support DRA-LTC issues.
Kentucky
Louisiana
Other: Family Planning Waiver Services (75,000, 10/06)
Maine
Maryland
Aged & Disabled: Employed Individuals with disabilities (1,500)
Adults: Under the Maryland Primary Adult Care program, adults up to 116 percent FPL who are
ineligible for Medicaid and Medicare will receive primary care, outpatient mental health, and
pharmacy services. Implementation: July 2006.
Massachusetts
Other: Insurance Partnership Expansion (4,000, 7/1/06)
Michigan
Minnesota
Mississippi
Missouri
Montana
Children: Increase asset test from $3,000 to $15,000 (3,000, 7/1/06)
Nebraska
Nevada
Parents: Pregnant women - HIFA: 133% to 185% awaiting CMS approval (2,000, 10/06)
Other: ESI expansion - premium assistance to 200% for parents – HIFA (8,000, 10/06)
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State Eligibility, Premium and Application Changes
New Hampshire
New Jersey
New Mexico
Children: While eligibility standards remain the same, income disregards have been increasing.
Deductions were increased for the children’s category. (7,800, 8/1/06)
Parents: While eligibility standards remain the same, income disregards have been increasing for
pregnant women. (9/1/06)
Application: All Medicaid recipients on the assistance programs (Food Stamp, TANF, etc.) may
recertify for all programs at the same time using one (1) application; changed 6-month recertification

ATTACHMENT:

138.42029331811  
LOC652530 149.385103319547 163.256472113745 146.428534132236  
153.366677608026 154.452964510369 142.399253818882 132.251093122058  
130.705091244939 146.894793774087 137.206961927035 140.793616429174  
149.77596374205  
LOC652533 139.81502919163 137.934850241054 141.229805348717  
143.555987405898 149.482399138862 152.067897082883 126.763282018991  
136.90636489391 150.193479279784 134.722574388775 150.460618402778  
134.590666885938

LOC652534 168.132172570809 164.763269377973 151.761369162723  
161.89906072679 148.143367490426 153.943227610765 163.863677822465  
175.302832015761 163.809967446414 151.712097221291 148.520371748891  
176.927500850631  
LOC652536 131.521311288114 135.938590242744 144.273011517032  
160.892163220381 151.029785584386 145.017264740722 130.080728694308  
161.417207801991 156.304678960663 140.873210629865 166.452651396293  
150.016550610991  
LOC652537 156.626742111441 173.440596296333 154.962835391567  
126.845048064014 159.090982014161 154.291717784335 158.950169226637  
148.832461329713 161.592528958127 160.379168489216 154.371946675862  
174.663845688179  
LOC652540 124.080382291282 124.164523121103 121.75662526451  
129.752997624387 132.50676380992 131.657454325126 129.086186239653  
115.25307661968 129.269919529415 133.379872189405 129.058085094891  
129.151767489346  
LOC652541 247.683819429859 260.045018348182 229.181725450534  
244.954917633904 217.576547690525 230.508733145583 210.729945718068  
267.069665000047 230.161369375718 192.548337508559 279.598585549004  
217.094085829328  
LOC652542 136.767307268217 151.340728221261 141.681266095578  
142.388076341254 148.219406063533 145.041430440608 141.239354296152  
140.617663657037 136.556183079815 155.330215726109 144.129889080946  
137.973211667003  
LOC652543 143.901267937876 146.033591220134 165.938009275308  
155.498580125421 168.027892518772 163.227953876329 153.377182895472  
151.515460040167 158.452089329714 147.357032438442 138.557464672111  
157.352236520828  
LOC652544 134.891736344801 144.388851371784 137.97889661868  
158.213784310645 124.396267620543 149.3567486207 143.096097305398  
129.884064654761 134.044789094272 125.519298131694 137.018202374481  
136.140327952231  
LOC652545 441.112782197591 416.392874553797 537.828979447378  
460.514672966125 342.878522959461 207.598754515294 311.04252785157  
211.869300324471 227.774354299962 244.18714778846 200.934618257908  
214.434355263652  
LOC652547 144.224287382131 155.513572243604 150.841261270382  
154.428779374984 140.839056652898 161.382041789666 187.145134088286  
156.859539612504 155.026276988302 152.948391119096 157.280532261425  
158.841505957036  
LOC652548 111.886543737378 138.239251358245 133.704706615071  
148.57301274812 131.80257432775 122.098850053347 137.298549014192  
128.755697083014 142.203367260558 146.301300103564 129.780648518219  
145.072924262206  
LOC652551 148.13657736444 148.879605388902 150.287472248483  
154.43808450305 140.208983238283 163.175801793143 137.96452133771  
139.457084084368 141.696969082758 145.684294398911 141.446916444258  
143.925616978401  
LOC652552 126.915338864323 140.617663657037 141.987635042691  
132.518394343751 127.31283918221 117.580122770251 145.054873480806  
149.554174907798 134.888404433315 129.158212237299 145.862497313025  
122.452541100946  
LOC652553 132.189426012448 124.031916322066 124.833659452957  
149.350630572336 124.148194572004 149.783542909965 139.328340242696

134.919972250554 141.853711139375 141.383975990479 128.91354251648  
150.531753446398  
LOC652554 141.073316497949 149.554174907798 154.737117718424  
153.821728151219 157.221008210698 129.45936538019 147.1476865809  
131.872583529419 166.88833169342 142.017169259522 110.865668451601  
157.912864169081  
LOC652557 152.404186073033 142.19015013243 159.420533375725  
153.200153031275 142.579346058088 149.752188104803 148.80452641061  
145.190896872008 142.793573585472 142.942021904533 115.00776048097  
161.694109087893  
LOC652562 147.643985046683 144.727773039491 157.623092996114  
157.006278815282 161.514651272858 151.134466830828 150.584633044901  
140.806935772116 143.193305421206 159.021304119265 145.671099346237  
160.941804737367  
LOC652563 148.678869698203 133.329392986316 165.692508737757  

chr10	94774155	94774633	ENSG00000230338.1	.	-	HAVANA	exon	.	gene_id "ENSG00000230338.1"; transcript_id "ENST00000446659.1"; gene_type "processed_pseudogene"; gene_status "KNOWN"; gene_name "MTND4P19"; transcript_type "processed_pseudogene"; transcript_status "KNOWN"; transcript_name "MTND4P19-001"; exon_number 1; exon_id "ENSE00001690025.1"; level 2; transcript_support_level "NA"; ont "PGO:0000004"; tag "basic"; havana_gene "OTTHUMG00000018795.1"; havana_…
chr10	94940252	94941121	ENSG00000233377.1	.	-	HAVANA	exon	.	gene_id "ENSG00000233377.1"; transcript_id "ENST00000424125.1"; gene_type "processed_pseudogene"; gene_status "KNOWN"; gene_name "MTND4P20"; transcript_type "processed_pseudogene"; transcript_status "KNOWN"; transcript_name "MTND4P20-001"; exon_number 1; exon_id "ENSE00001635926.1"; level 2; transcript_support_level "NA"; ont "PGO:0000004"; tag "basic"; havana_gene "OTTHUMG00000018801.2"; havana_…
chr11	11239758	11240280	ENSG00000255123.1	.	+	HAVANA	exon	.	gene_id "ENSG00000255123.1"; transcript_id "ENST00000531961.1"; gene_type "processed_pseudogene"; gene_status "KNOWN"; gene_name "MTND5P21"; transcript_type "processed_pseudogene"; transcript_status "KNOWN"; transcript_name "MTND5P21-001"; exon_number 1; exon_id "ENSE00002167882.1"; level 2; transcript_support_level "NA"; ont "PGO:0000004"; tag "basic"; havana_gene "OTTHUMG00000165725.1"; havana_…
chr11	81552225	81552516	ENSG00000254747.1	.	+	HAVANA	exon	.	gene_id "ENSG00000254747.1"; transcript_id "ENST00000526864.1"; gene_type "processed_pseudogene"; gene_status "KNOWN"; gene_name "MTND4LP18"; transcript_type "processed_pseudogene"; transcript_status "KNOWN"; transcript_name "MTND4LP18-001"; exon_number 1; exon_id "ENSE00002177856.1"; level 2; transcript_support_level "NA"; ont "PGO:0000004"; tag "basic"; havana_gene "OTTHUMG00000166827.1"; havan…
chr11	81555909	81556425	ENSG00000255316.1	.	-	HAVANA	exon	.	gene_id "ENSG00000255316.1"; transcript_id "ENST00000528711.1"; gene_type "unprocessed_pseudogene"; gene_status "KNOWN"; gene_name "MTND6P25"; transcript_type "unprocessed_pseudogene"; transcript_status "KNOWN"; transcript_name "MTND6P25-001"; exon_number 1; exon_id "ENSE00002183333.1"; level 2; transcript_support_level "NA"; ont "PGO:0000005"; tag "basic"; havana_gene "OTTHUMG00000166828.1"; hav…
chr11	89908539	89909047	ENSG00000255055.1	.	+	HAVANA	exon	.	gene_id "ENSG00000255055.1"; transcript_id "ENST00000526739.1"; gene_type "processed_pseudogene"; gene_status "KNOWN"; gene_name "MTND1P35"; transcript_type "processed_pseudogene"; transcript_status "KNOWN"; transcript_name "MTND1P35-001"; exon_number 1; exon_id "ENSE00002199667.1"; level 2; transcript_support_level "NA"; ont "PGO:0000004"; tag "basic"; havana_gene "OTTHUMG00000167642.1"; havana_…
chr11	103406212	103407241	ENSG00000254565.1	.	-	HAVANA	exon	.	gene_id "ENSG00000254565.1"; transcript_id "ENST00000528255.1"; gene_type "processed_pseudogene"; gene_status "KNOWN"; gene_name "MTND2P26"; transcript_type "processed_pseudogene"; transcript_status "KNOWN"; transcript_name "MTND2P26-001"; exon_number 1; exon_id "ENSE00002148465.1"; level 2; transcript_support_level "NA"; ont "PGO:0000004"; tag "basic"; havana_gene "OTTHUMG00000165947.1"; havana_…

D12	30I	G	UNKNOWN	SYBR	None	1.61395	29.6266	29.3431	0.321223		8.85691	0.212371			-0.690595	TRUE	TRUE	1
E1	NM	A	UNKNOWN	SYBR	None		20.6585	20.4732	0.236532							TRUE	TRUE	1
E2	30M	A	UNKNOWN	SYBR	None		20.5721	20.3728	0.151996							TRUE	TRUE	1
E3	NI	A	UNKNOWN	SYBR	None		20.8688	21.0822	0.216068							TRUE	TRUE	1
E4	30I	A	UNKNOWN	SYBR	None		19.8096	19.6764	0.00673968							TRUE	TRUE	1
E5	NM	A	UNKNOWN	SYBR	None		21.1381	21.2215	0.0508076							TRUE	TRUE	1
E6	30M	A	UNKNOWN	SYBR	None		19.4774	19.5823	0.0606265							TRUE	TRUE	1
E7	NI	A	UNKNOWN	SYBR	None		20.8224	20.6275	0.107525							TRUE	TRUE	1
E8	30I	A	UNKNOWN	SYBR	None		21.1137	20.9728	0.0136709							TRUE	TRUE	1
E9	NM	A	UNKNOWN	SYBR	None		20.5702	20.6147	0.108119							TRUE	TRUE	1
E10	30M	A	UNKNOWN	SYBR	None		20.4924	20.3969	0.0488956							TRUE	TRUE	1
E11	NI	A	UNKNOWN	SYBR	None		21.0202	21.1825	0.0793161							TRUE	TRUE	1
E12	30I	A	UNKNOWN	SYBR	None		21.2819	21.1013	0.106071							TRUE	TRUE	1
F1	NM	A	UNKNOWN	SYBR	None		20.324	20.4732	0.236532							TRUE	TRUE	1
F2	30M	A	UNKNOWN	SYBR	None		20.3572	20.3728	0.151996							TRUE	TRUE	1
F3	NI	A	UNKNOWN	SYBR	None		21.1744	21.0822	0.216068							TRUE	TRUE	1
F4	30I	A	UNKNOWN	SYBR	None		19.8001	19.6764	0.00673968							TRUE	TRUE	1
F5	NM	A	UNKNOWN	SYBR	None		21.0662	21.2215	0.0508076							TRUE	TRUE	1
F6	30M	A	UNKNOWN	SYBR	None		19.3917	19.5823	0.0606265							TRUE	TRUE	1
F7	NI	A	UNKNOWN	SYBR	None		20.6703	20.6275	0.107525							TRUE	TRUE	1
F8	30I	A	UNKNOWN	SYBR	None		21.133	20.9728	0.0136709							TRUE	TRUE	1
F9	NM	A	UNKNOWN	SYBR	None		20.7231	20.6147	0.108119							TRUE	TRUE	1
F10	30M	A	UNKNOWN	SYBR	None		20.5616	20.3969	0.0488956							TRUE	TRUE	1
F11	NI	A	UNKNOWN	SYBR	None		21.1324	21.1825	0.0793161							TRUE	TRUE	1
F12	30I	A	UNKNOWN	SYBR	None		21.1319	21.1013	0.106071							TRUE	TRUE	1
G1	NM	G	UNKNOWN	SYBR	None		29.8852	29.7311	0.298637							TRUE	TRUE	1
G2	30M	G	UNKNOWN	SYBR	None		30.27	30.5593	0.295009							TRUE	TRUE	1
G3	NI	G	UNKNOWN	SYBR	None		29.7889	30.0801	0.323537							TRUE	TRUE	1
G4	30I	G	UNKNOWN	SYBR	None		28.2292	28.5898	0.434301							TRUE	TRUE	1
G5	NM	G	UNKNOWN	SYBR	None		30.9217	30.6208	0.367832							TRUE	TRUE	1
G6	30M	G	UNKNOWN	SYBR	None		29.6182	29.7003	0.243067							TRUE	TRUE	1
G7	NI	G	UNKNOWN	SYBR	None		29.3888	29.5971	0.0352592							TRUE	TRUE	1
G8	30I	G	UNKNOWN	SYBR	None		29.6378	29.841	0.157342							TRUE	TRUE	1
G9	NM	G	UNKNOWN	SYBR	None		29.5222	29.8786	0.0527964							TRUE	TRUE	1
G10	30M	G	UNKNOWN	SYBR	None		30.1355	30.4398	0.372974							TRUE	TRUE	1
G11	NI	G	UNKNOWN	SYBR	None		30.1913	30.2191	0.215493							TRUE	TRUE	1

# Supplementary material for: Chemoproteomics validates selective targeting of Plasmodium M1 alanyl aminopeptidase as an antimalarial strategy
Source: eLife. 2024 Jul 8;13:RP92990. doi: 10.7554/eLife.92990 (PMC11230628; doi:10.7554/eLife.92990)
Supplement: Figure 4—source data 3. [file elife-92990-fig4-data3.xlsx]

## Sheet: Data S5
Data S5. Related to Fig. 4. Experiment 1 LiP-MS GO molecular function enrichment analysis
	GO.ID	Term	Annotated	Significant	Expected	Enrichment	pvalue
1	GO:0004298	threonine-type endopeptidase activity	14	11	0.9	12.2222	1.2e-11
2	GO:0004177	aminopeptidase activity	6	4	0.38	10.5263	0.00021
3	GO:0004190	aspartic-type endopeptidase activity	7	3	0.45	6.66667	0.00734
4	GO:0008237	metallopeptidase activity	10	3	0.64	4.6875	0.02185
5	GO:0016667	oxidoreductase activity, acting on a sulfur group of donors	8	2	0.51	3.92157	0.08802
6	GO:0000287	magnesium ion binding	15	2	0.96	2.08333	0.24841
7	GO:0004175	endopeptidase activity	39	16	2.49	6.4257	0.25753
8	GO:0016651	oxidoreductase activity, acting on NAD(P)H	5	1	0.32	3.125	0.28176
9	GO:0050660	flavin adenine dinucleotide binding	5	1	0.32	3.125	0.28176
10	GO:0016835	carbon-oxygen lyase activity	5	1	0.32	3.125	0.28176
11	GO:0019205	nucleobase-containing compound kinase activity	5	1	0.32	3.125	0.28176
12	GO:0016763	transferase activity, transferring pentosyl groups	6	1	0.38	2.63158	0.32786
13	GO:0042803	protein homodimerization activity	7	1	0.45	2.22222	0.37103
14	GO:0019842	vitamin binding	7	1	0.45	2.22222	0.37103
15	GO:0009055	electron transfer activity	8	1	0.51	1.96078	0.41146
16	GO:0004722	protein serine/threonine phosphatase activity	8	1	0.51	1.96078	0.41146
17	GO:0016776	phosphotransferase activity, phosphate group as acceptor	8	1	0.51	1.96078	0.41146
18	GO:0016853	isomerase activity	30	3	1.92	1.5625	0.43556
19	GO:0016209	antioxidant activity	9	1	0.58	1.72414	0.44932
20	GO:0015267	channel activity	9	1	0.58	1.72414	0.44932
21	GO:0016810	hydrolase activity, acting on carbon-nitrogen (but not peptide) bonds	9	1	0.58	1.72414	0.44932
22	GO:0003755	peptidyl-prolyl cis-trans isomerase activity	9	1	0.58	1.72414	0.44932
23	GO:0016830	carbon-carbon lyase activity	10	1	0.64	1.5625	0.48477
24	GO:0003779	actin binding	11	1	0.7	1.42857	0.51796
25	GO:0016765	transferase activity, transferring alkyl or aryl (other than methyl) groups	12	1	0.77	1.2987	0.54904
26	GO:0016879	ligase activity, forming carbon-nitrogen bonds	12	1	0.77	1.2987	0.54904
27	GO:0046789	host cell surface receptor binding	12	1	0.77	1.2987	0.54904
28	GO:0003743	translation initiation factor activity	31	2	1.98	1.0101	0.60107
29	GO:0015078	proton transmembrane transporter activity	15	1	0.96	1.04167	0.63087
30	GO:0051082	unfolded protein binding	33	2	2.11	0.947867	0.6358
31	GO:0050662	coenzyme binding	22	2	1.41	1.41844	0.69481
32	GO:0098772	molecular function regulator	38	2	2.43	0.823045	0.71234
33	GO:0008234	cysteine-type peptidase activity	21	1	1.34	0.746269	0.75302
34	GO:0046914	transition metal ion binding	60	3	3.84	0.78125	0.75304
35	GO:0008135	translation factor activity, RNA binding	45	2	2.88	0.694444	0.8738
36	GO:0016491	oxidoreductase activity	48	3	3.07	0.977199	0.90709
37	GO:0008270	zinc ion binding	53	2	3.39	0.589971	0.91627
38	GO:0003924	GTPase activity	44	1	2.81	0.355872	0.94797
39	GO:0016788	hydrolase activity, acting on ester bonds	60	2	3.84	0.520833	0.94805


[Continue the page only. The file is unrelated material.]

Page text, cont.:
back to 12-month / automatic closure continues from FY05 (only for income based population; not
disabled individuals).
New York
North Carolina
North Dakota
Ohio
Oklahoma
Children, Parents: 12 month eligibility (up from 6) (8/06)
Other: Expanding Oklahoma Employer/Employee Partnership for Insurance Coverage (O-EPIC)
program to provide funds to match employer and employee contributions for adults who work for
small employers and have incomes above Medicaid Standards but below 185% FPL. (12/05)
Application: 6 month to 12 month re-certification
Oregon Application: Pending approval - no earlier than Jan. 1, 2007. Exploring the possibility for clients to
apply for medical assistance through an on-line application process.
Pennsylvania Application: Automated Renewals- All forms needed for renewal will be mailed centrally from
Harrisburg. This function is currently completed by individual workers at local County Assistance
Offices. This function will reduce workload for caseworkers and standardize the types of forms that
are sent to clients.
Rhode Island
Children: Established resource test (7/1/06)
Parents: Resource test added - The whole 1115 waiver group impacts parents (250, 7/1/06)
Application: Verification of residency for children and parents
South Carolina
Children, Parents: Added asset limit (7/1/06)
South Dakota
Aged & Disabled: Buy in for working disabled adults. (1/07)
Tennessee
Medically Needy: TN has requested to reopen MN program from CMS (40,000)
Texas